Lance, 61, was viewed as a moderate during his 18 years in Trenton, much in the tradition of Roukema and other Republicans of that era in New Jersey.

It was in that tradition that Lance, five months into his first term, joined seven other House Republicans in voting for the American Clean Energy and Security Act. The Democratic bill would have established a cap on greenhouse gas emissions. It passed by 219 to 212, meaning that the Republican crossovers swayed the outcome.

The so-called “enlightened eight,” including New Jersey Reps. Frank LoBiondo and Chris Smith, drew criticism from conservatives nationwide. Larsen made Lance’s vote a key issue in his 2010 primary challenge, but by that point, Lance was distancing himself from the controversial legislation.

Since then, Lance has consistently walked the conservative line, both in voting and in rhetoric.

“I have supported, and will continue to support, the budgets of Congressman Ryan,” Lance said, referring to House Budget Committee Chairman Paul Ryan’s balanced-budget plan reducing costs for Medicaid, food stamps, and other social programs.

Lance’s campaign website lists 12 issues. The first declares his opposition to the Affordable Care Act, and his 64 votes to either fully repeal, defund, or dismantle it.

“I’m an opponent of the ACA. I want it repealed and replaced,” Lance said, though any such effort hinges on Republicans recapturing not only the Senate, but the presidency.

Lance’s second issue is “fighting an imperial presidency,” and accuses the IRS of targeting conservatives for ideological reasons.

His website cites his opposition to amnesty for illegal immigrants, support for the Keystone XL pipeline, and objections to “overly burdensome environmental regulations.”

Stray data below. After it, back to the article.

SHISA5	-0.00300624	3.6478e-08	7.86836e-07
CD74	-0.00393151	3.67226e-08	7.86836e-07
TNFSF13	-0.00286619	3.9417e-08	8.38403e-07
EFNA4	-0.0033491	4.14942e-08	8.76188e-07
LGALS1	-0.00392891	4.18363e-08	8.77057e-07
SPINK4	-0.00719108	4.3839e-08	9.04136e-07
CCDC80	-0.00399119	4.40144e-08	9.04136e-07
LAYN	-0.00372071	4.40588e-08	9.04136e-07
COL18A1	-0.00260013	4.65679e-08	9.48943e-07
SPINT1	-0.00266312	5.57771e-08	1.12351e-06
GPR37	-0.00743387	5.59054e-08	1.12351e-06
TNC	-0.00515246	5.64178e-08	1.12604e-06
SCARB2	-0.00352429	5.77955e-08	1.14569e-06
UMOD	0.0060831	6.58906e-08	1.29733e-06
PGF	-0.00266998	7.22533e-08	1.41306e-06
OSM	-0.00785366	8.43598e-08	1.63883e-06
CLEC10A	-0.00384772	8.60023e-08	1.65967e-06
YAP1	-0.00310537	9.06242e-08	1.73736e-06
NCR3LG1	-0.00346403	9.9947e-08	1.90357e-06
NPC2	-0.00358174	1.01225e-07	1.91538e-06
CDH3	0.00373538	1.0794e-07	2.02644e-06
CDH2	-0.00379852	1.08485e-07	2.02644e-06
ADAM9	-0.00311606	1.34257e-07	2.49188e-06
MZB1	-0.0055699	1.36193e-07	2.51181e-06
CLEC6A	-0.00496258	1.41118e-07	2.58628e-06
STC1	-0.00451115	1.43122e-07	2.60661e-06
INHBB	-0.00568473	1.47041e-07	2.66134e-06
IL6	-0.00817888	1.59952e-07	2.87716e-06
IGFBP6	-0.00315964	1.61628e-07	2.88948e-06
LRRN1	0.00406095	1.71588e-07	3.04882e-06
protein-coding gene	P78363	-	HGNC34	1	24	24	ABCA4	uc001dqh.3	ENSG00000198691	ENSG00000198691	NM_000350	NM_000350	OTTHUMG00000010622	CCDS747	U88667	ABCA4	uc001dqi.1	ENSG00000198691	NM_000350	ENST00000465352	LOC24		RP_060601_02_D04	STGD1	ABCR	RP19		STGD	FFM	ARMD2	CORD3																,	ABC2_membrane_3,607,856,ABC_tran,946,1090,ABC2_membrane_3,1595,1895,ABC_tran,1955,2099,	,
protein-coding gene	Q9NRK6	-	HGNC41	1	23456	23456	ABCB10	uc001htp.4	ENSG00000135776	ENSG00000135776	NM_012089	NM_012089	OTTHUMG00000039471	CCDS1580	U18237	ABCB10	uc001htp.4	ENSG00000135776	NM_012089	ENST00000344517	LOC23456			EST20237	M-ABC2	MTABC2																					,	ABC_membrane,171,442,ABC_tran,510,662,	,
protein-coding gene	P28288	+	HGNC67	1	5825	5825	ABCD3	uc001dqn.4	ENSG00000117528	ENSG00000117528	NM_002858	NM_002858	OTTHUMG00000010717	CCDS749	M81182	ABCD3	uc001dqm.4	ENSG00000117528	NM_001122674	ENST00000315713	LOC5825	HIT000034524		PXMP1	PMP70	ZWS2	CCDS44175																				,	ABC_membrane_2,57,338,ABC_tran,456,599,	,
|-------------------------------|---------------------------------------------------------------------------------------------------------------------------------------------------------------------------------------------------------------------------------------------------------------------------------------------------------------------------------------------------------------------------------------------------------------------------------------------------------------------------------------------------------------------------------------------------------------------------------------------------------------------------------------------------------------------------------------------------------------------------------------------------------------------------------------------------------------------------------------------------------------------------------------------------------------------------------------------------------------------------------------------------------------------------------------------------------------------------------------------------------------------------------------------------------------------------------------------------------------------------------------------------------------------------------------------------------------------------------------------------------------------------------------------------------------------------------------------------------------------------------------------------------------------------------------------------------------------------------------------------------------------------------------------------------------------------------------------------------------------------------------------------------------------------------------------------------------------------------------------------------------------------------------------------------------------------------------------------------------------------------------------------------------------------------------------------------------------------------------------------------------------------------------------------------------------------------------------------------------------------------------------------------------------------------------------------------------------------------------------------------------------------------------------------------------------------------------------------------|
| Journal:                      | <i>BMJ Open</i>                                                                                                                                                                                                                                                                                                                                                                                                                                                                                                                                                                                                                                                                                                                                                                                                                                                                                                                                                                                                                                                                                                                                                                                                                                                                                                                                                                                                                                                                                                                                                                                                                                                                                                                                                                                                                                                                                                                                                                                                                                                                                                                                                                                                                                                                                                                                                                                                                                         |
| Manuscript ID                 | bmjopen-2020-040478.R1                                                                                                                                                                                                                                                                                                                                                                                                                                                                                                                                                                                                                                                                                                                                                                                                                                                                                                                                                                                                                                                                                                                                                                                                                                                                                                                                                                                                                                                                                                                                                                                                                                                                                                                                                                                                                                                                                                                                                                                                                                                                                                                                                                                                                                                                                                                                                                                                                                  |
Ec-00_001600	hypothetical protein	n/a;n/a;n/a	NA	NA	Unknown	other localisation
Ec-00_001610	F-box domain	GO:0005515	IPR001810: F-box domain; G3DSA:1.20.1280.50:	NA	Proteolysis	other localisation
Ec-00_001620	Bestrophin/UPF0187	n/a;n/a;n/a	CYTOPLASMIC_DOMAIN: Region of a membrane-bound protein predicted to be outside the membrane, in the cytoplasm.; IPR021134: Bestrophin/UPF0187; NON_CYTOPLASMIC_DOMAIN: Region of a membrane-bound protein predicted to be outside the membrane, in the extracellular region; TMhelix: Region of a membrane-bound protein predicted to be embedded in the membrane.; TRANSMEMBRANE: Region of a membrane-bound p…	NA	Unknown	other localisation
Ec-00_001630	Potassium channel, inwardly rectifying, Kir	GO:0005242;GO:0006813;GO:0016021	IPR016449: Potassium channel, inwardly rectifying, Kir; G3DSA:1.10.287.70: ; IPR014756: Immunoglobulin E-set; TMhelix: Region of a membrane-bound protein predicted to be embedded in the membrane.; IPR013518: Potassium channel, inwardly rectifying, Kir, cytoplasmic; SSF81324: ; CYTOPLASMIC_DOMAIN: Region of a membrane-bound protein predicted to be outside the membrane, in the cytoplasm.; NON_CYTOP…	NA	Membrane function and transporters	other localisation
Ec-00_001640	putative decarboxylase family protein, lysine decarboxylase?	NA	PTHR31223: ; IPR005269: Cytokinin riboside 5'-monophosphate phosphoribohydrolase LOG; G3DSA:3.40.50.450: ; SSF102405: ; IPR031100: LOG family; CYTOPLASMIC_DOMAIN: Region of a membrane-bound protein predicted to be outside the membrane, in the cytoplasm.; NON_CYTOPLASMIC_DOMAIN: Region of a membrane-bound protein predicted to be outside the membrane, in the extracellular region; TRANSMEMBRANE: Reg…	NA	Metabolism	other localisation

Combating climate change, the impetus for his dramatic 2009 vote, goes unmentioned.

Lance lauded his role as the only New Jersey Republican on the House Energy and Commerce Committee, which he said served a vital role in the state. The sole New Jersey Democrat on the committee is Rep. Frank Pallone.

“The committee’s jurisdiction is essential to New Jersey,” Lance said, noting its oversight role in telecommunications and life sciences.


Larsen’s campaign website cites 11 issues. It notes his support for scaling down the federal government to “those powers and responsibilities specifically enumerated in the Constitution.”

Larsen calls for an audit of the Federal Reserve System, charging that the 101-year old central banking authority has devalued the dollar. Based on the findings, Larsen would consider dissolving the Fed to “return the power of printing money to the Department of Treasury, under the supervision of an elected Congress,” according to his website.

Larsen, like Lance, states his opposition to the ACA and illegal immigration.

Larsen maintains his conservative credential are more solid. Paraphrasing former U.N. Ambassador John Bolton’s critique of U.S. Secretary of State John Kerry, Larsen said, “We have to stop sending cupcakes to Washington.”

Larsen, who said he founded his construction and home improvement company while in college, contends he has the business credentials experience that Lance, an attorney, lacks.

“Lance has been the perpetual candidate for three decades. This is his main lifestyle. This is where he gets his money. I’ve been working in the private sector for 36 years,” Larsen said, adding that Lance “went right from law school and straight into elective office.”

Lance did not proceed directly to the Assembly, where he elected in 1992. He worked in government for more than a decade after getting his law degree, including a stint as assistant counsel for Gov. Thomas H. Kean from 1983 to 1990.

Lance, on that topic, said, “I understand small businesses.” The National Retail Association, on May 16, dubbed him a “Hero of Main Street.”

A look at Lance’s donors on the Federal Election Commission website underscores his institutional backing: Richard Bagger, a former Pfizer executive who was Gov. Chris Christie’s chief of staff for two years, donated $1,000; former Gov. Donald DiFrancesco gave $500; Ferguson, chair of Ferguson Strategies LLC, gave a combined $3,000 in three donations; Kean gave $2,000 in two contributions.

Larsen said he understands the formidable obstacles facing his candidacy.

“It’s always nice to have an established organization,” he said.

Larsen, though, professed optimism about connecting with Republican primary voters, on his third try for Capitol Hill.

“We’re going to the people,” he said.